Candidates aiming to represent Park City on Capitol Hill spar in debate
The candidates for state House District 54 debated Tuesday night, offering opinions on issues in the local and national headlines like the Hideout annexation and police reform, and attempting to make the case just weeks before the election that they deserve to head to Capitol Hill.
Republican Mike Kohler is taking on Democrat Meaghan Miller for the seat that is currently held by Rep. Tim Quinn, who decided not to pursue another term. The district covers Wasatch County and parts of Summit County, including Park City. In 2018, Miller lost to Quinn by 162 votes, enjoying overwhelming support in Summit County but failing to secure enough votes in Republican-leaning Wasatch County.
Kohler and Miller both live in Midway.
Kohler said he is a lifelong dairyman who worked his family’s dairy farm for years until selling his share to his brother a decade ago and lobbying on behalf of the industry at the Statehouse.
Miller is the executive director of EATS Park City, a nonprofit focusing on nutrition. She touted her education and experience working in the health care and nonprofit industries and an ability to find common ground to work through issues.
Many of Kohler’s answers revealed his brand of old-school conservatism, eschewing government handouts and espousing individual freedom. He said his experience inside and out of government would enable him to hit the ground running to help the people who live in the district.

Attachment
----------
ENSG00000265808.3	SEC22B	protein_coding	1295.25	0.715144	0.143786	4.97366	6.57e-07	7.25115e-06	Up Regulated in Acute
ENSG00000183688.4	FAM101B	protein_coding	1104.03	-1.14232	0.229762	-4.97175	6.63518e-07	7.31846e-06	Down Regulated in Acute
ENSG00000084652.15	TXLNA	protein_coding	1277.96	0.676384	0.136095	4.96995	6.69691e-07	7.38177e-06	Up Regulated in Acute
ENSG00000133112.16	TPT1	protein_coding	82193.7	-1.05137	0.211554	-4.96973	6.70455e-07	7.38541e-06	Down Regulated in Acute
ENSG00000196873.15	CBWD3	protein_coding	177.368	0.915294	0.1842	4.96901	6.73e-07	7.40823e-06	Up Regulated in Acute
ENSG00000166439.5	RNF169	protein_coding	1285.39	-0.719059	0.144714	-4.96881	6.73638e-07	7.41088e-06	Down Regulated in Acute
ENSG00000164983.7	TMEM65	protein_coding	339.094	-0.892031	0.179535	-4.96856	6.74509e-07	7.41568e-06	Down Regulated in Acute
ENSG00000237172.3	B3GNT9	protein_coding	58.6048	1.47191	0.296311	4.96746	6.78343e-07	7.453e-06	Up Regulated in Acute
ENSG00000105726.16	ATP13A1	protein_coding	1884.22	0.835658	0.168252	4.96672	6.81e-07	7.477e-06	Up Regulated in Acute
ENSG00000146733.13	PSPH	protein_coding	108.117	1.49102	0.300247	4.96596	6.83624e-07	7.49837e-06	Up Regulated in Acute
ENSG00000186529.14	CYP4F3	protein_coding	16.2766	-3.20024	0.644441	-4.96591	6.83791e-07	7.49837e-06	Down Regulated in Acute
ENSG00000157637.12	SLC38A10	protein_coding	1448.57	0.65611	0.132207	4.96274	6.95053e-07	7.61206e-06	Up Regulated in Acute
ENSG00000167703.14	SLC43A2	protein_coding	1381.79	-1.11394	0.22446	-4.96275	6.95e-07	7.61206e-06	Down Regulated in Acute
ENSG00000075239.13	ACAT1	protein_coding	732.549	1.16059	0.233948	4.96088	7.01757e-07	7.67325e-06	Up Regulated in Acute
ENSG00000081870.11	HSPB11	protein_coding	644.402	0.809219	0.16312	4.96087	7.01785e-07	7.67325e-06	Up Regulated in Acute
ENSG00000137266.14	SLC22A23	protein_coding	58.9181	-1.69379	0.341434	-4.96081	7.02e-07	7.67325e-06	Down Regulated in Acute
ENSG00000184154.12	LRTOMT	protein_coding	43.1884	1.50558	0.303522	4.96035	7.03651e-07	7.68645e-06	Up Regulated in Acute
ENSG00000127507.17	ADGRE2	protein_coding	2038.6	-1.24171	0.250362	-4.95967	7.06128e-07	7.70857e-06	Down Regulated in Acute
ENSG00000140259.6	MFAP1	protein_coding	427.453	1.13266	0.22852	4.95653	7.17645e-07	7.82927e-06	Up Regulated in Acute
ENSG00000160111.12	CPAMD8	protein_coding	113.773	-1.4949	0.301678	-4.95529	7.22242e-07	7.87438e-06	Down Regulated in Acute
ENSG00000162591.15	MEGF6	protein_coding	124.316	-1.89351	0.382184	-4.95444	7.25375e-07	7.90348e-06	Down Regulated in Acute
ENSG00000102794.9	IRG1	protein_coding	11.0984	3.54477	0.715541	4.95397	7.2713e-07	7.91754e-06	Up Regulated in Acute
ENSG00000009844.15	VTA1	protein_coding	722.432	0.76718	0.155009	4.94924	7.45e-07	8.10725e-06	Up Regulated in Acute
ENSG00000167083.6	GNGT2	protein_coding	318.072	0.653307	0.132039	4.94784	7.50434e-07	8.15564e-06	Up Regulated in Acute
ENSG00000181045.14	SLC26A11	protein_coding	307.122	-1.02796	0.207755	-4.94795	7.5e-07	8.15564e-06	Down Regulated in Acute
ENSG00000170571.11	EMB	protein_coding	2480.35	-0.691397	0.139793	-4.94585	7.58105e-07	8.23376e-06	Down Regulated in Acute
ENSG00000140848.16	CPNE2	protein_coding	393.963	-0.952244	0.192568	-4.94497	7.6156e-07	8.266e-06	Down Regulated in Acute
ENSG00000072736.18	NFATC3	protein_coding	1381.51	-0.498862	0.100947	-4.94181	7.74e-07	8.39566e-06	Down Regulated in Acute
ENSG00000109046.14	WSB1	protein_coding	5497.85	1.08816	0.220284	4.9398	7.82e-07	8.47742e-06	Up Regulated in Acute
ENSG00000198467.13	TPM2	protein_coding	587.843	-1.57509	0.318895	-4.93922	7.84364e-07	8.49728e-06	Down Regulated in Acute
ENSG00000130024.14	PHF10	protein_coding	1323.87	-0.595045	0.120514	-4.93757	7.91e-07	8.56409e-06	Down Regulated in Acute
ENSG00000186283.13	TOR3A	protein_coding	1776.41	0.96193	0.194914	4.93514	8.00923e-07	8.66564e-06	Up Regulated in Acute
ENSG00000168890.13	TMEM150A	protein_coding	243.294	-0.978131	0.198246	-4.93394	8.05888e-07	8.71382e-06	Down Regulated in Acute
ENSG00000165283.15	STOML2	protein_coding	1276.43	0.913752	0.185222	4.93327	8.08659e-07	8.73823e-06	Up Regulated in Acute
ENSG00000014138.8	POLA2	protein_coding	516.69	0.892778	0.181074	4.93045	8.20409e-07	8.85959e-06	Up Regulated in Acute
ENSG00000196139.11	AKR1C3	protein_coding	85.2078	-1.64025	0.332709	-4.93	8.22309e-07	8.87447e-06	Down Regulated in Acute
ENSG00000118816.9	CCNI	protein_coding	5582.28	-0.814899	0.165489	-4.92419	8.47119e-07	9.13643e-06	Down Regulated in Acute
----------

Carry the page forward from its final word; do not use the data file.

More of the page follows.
Miller seemed to advocate for consensus solutions rather than a particular ideology. She stressed that, as a young mother who is dealing with many of the issues affecting the region’s voters, she’d be able to take their voice to Capitol Hill.
The debate was held via Zoom, moderated by Julia Kretschmar and hosted by the League of Women Voters of Utah and the Better Utah Institute. On most questions, Kohler espoused a conservative position while Miller refrained from charged rhetoric but advocated for solutions generally supported by the left.
On the issue of police violence, for example, Kohler was the first to respond.
“First of all, I do not support defunding the police, tell you that right now,” he said. “I think those cities that have done that are sending the wrong message.”
He went on to say that more police training would be helpful, along with more funding, and that the issue is indicative of fading societal values.
“We as a society need to start giving our leaders — police for one thing, teachers for others — giving them more respect,” he said. “I think that the lack of respect for leadership and for people in the community like policemen has started in our homes. It’s trending in the wrong way, in my opinion.”
Miller did not take up the mantle of defunding the police, joining Kohler in advocating for more funding for law enforcement, but said the system of policing has reached its capacity and should not be asked to carry more responsibilities.